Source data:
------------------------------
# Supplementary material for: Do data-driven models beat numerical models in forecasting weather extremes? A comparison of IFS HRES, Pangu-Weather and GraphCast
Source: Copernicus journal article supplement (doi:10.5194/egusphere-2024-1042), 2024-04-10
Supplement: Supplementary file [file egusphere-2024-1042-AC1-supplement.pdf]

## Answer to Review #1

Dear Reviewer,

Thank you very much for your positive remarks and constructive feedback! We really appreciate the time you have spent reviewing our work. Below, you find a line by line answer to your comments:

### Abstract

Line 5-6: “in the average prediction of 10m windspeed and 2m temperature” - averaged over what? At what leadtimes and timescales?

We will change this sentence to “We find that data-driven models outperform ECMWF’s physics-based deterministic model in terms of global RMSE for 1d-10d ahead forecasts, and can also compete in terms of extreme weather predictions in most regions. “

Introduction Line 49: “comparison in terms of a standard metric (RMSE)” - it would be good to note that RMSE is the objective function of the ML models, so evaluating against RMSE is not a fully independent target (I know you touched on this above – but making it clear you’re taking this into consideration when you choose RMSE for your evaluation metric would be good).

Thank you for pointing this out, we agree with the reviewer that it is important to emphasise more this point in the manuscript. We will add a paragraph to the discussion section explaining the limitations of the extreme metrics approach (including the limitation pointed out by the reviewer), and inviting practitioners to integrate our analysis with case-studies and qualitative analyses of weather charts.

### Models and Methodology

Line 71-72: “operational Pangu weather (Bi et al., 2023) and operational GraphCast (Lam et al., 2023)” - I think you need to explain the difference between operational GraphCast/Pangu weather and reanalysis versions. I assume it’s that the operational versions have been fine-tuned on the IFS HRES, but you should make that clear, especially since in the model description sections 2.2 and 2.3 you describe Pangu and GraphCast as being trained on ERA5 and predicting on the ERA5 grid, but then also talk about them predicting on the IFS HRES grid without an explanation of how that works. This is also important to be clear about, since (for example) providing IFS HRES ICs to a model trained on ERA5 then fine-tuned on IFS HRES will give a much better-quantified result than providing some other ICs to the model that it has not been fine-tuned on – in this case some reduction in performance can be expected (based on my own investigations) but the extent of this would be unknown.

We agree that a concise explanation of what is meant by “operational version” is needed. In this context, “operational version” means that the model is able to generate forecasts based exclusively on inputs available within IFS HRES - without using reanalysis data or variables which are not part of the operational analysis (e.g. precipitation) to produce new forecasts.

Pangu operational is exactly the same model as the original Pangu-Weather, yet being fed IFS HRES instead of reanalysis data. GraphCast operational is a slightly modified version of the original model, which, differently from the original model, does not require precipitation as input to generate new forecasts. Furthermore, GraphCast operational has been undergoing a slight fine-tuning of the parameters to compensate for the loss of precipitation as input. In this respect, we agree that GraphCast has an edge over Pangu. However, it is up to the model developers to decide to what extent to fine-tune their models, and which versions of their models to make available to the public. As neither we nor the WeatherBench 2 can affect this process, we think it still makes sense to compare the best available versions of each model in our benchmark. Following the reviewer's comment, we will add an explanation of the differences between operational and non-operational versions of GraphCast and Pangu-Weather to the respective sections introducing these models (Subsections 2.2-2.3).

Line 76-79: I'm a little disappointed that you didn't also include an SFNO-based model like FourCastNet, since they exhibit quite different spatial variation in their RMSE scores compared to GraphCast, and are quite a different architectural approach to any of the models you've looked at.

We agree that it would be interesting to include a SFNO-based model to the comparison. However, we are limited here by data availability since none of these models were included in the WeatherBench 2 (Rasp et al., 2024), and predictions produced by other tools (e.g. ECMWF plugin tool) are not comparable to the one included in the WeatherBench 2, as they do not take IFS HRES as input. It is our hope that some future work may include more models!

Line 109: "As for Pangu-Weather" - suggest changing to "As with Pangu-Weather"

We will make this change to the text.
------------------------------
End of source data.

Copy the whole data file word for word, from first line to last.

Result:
# Supplementary material for: Do data-driven models beat numerical models in forecasting weather extremes? A comparison of IFS HRES, Pangu-Weather and GraphCast
Source: Copernicus journal article supplement (doi:10.5194/egusphere-2024-1042), 2024-04-10
Supplement: Supplementary file [file egusphere-2024-1042-AC1-supplement.pdf]

## Answer to Review #1

Dear Reviewer,

Thank you very much for your positive remarks and constructive feedback! We really appreciate the time you have spent reviewing our work. Below, you find a line by line answer to your comments:

### Abstract

Line 5-6: “in the average prediction of 10m windspeed and 2m temperature” - averaged over what? At what leadtimes and timescales?

We will change this sentence to “We find that data-driven models outperform ECMWF’s physics-based deterministic model in terms of global RMSE for 1d-10d ahead forecasts, and can also compete in terms of extreme weather predictions in most regions. “

Introduction Line 49: “comparison in terms of a standard metric (RMSE)” - it would be good to note that RMSE is the objective function of the ML models, so evaluating against RMSE is not a fully independent target (I know you touched on this above – but making it clear you’re taking this into consideration when you choose RMSE for your evaluation metric would be good).

Thank you for pointing this out, we agree with the reviewer that it is important to emphasise more this point in the manuscript. We will add a paragraph to the discussion section explaining the limitations of the extreme metrics approach (including the limitation pointed out by the reviewer), and inviting practitioners to integrate our analysis with case-studies and qualitative analyses of weather charts.

### Models and Methodology

Line 71-72: “operational Pangu weather (Bi et al., 2023) and operational GraphCast (Lam et al., 2023)” - I think you need to explain the difference between operational GraphCast/Pangu weather and reanalysis versions. I assume it’s that the operational versions have been fine-tuned on the IFS HRES, but you should make that clear, especially since in the model description sections 2.2 and 2.3 you describe Pangu and GraphCast as being trained on ERA5 and predicting on the ERA5 grid, but then also talk about them predicting on the IFS HRES grid without an explanation of how that works. This is also important to be clear about, since (for example) providing IFS HRES ICs to a model trained on ERA5 then fine-tuned on IFS HRES will give a much better-quantified result than providing some other ICs to the model that it has not been fine-tuned on – in this case some reduction in performance can be expected (based on my own investigations) but the extent of this would be unknown.

We agree that a concise explanation of what is meant by “operational version” is needed. In this context, “operational version” means that the model is able to generate forecasts based exclusively on inputs available within IFS HRES - without using reanalysis data or variables which are not part of the operational analysis (e.g. precipitation) to produce new forecasts.

Pangu operational is exactly the same model as the original Pangu-Weather, yet being fed IFS HRES instead of reanalysis data. GraphCast operational is a slightly modified version of the original model, which, differently from the original model, does not require precipitation as input to generate new forecasts. Furthermore, GraphCast operational has been undergoing a slight fine-tuning of the parameters to compensate for the loss of precipitation as input. In this respect, we agree that GraphCast has an edge over Pangu. However, it is up to the model developers to decide to what extent to fine-tune their models, and which versions of their models to make available to the public. As neither we nor the WeatherBench 2 can affect this process, we think it still makes sense to compare the best available versions of each model in our benchmark. Following the reviewer's comment, we will add an explanation of the differences between operational and non-operational versions of GraphCast and Pangu-Weather to the respective sections introducing these models (Subsections 2.2-2.3).

Line 76-79: I'm a little disappointed that you didn't also include an SFNO-based model like FourCastNet, since they exhibit quite different spatial variation in their RMSE scores compared to GraphCast, and are quite a different architectural approach to any of the models you've looked at.

We agree that it would be interesting to include a SFNO-based model to the comparison. However, we are limited here by data availability since none of these models were included in the WeatherBench 2 (Rasp et al., 2024), and predictions produced by other tools (e.g. ECMWF plugin tool) are not comparable to the one included in the WeatherBench 2, as they do not take IFS HRES as input. It is our hope that some future work may include more models!

Line 109: "As for Pangu-Weather" - suggest changing to "As with Pangu-Weather"

We will make this change to the text.